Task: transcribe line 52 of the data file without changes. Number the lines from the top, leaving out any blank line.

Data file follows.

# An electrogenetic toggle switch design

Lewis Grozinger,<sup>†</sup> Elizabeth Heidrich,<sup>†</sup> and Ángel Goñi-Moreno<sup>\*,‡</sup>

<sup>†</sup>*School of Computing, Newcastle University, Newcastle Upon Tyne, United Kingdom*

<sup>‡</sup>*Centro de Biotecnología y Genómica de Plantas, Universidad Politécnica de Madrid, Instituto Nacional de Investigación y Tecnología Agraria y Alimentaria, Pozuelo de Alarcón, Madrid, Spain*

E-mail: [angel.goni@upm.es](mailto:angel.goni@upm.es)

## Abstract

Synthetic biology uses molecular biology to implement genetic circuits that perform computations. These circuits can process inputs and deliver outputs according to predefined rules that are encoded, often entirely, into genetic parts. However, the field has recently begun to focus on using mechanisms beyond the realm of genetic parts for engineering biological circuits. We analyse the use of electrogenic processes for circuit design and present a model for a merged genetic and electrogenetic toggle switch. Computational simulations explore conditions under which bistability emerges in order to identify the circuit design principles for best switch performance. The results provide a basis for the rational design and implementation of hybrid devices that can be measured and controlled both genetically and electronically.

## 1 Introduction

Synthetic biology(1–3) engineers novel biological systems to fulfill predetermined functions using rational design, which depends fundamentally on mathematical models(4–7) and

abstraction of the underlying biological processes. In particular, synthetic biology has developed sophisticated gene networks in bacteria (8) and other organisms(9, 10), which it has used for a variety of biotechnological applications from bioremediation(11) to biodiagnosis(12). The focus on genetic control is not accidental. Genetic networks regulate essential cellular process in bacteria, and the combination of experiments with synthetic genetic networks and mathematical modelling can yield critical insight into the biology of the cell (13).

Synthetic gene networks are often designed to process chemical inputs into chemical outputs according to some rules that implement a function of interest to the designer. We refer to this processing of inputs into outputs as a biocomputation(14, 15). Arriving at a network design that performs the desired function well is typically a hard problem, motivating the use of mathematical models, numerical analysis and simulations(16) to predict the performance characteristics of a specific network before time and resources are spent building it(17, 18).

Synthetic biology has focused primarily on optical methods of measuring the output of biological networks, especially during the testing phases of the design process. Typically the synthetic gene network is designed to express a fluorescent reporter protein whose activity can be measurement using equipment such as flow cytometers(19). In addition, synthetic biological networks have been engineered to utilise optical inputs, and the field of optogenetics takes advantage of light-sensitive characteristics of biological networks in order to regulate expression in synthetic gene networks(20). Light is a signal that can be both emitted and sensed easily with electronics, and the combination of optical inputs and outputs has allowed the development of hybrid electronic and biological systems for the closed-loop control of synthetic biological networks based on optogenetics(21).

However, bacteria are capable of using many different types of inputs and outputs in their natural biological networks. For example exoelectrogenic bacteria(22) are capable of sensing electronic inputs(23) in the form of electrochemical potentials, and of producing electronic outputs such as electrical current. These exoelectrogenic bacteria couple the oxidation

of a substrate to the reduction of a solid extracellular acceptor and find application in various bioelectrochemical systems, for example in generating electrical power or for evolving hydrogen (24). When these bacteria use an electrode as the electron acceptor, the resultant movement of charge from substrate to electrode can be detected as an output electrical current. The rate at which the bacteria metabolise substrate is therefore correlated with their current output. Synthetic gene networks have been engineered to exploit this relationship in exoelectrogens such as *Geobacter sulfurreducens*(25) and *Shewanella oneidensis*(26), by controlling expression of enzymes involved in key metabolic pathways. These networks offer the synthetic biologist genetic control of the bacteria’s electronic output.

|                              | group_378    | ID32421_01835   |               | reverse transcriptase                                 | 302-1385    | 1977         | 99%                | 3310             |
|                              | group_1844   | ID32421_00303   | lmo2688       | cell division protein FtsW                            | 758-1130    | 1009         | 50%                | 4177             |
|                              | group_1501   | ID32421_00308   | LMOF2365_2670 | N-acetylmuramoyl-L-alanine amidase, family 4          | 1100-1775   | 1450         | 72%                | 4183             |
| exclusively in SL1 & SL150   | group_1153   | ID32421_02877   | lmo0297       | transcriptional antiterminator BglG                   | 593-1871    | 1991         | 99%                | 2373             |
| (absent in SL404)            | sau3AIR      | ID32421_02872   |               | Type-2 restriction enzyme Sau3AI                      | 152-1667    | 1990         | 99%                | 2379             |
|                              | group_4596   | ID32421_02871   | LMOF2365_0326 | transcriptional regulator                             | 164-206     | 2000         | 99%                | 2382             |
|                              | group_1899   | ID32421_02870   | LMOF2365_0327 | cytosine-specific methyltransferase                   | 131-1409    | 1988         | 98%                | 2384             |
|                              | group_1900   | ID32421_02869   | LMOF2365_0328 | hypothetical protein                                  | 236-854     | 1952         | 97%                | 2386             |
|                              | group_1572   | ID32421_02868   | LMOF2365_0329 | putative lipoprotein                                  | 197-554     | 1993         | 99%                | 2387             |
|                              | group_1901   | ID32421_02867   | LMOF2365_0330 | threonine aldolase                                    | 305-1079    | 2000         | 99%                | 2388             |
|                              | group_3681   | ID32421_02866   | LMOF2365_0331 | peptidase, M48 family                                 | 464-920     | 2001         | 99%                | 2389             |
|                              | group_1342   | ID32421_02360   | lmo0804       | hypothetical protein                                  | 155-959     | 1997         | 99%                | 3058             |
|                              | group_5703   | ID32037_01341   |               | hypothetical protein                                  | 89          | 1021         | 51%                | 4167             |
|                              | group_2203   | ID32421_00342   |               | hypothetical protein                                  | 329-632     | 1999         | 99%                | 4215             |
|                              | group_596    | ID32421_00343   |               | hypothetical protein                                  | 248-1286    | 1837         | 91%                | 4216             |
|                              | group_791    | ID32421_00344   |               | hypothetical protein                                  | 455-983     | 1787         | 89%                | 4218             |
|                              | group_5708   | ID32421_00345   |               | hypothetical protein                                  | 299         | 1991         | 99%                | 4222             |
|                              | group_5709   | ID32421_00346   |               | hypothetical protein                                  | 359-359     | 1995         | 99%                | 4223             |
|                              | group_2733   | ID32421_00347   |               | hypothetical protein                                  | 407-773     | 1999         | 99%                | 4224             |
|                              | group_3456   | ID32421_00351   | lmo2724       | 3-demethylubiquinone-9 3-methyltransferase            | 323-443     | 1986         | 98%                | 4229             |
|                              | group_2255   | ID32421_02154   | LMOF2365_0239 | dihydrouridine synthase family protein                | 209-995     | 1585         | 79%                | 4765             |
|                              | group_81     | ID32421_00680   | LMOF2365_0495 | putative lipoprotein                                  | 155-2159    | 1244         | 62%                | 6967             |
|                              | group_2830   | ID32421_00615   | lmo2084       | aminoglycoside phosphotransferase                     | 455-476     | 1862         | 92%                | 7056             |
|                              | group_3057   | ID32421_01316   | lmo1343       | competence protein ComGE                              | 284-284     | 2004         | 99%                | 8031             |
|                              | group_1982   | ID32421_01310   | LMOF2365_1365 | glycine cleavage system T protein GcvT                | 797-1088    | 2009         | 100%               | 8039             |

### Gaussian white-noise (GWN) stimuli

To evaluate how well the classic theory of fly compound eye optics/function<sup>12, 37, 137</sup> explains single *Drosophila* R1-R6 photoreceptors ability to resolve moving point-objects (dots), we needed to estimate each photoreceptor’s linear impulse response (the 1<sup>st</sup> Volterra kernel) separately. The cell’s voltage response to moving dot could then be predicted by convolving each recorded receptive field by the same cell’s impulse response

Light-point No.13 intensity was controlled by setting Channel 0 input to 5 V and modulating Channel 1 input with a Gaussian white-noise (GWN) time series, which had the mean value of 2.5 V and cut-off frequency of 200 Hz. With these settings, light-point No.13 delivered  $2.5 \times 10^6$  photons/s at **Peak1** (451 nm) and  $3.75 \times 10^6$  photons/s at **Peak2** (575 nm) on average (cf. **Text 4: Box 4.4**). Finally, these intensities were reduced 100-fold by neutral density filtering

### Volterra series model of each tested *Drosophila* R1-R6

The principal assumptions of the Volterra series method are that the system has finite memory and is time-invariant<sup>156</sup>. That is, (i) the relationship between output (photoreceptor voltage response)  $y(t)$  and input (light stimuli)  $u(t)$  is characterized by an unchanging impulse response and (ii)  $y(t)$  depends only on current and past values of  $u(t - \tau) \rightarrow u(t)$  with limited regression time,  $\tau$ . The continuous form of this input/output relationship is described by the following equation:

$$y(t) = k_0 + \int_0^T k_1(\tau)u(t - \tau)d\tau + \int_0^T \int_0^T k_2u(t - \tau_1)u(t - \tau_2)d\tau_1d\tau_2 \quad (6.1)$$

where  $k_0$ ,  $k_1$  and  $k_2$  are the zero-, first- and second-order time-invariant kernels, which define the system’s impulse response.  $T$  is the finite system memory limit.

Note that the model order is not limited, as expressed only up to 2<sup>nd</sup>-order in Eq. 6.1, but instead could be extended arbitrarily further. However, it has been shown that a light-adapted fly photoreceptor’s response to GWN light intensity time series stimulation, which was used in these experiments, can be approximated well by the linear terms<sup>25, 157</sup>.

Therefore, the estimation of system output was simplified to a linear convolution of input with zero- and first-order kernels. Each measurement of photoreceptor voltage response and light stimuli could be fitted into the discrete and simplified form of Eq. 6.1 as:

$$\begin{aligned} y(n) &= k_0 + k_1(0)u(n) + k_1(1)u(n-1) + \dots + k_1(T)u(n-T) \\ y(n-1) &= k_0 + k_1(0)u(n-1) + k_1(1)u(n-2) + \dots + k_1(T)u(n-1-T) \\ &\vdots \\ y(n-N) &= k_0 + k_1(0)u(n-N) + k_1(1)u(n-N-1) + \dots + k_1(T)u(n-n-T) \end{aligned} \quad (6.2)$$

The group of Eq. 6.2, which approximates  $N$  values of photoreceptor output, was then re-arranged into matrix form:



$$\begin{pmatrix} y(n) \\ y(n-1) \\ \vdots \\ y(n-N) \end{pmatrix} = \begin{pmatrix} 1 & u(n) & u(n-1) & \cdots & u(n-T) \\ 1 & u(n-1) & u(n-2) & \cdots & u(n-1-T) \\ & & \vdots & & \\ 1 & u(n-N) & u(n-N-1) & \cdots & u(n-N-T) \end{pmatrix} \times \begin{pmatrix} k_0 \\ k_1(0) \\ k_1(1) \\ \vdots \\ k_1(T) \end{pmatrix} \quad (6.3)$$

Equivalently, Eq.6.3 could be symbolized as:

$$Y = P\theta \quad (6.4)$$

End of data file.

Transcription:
Equivalently, Eq.6.3 could be symbolized as: